'It's bad business to kill your clients, so why do that?': police consider rise in fentanyl

Street drugs are increasingly being cut with fentanyl, and west of Saskatchewan, every batch is potentially tainted, according to Calgary police.

Problem of drugs laced with fentanyl increases further west of Saskatchewan, but rise seen everywhere

Police are increasingly seeing street drugs cut with fentanyl, and Calgary Police Service Staff Sgt. Jason Walker said these opioids are more powerful and addictive than a range of other drugs found on the streets. (The Associated Press/Patrick Sison)

Street drugs are increasingly being cut with fentanyl, and west of Saskatchewan, every batch is potentially tainted, according to Calgary police.

"We're all one bad batch away from having a lot of people overdose and potentially die in a very short order," said Staff Sgt. Jason Walker, as he discussed a string of three deaths and overdoses Saskatoon police say is connected to the same batch of cocaine laced with fentanyl.  

According to Walker, there were over 450 fentanyl-related fatalities in Alberta last year. It's reached the point where it's rare for police in the city to issue warnings about potentially "bad batches" because all street drugs are falling into that category, he said.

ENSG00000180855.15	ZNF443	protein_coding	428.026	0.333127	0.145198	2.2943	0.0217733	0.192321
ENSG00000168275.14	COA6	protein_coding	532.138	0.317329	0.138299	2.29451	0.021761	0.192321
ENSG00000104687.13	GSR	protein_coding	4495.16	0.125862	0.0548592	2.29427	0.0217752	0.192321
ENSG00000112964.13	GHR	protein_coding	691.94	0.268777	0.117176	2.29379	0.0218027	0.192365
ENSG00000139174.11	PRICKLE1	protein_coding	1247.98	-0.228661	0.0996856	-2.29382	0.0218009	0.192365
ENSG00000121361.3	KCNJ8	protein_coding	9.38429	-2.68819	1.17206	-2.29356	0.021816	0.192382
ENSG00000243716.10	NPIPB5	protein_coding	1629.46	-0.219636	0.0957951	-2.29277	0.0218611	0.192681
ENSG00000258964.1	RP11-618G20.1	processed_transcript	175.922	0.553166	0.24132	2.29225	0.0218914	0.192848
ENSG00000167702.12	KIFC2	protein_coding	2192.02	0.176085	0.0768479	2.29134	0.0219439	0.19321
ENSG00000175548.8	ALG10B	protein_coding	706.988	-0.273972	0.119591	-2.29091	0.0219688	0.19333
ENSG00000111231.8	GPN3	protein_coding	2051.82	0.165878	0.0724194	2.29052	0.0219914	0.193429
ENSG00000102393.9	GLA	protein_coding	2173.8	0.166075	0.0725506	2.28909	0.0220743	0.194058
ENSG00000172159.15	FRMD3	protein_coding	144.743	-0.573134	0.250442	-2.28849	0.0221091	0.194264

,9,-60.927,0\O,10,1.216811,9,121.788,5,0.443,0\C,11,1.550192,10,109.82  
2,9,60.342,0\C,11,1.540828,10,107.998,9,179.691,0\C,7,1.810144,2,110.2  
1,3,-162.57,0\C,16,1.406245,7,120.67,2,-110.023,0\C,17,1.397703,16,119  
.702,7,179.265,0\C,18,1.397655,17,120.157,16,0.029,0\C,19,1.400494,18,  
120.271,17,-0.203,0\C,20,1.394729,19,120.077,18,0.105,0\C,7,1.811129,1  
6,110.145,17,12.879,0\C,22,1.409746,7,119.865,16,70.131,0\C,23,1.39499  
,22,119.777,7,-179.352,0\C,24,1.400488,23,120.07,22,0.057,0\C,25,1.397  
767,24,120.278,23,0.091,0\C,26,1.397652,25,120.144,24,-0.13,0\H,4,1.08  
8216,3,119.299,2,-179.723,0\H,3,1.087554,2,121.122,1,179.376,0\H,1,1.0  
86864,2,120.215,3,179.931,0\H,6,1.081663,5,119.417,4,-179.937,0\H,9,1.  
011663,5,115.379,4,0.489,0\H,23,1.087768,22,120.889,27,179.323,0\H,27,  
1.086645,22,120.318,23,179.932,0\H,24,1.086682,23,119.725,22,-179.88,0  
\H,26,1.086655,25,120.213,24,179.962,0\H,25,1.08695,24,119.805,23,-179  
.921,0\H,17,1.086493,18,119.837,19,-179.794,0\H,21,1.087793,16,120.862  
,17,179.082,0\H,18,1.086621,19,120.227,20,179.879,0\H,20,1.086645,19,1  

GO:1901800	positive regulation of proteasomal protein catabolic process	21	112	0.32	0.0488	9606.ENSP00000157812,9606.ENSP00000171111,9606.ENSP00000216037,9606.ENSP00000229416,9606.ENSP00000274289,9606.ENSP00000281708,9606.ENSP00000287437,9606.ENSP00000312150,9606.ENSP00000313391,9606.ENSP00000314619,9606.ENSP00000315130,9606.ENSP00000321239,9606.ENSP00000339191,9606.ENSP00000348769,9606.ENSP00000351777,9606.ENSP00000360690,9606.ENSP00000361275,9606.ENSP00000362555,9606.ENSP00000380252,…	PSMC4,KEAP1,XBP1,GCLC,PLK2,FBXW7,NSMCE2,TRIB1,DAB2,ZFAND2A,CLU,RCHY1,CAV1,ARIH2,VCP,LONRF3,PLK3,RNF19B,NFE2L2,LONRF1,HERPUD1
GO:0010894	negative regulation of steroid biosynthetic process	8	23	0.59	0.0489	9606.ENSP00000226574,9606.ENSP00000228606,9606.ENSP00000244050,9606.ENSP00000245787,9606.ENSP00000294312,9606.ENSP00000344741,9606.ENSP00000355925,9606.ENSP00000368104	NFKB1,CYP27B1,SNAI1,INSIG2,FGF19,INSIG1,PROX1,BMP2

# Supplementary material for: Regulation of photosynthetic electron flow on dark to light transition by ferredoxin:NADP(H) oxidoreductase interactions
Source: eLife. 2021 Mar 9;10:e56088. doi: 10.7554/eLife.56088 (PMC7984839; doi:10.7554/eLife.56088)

"There are no safe batches out there in the Calgary streets, because everything is potentially being touched with fentanyl."

Regina Police Chief Evan Bray noted this week that Saskatchewan sees a fraction of the fentanyl cases in Alberta, which in turn sees fewer cases than neighbouring British Columbia.

Evan Bray, Regina police chief, warned marijuana dispensaries repeatedly that they would face charges for operating before the formal legalization of marijuana. (CBC News)

But it's clear Saskatchewan is not immune to the problems of fentanyl, with drugs passing through many hands and each time running the risk of getting cut with fentanyl, according to Walker.

"It's going to have been chemically altered so many times, cut and mixed so many times that the one thing I can guarantee you is that at the street level, the person dealing with has no idea what is going to be in [it]."

What's driving the fentanyl mix 

Walker notes mixing fentanyl with other drugs is a risky endeavour, asking, "It's bad business to kill your client, so why do that?"

One reason he suggests is the designer drug factor, with customers wanting a stimulant and depressant delivered at the same time for what Walker called a "speedball effect". He speculates another possible reason is that powerful opioids like fentanyl are far more addictive than several other drugs, and can hook customers into using.

As fentanyl becomes an increasing danger, users are also becoming more aware, and police and emergency services are  deploying new practices to stay safe, said Walker. He explained that previously, police would search a residence, seizing bags of white powder as cocaine, but now they deploy stringent protocols to deal with "unknown and high-risk toxic" scenes.

"You didn't think much about it but these days you just can't operate that way any more."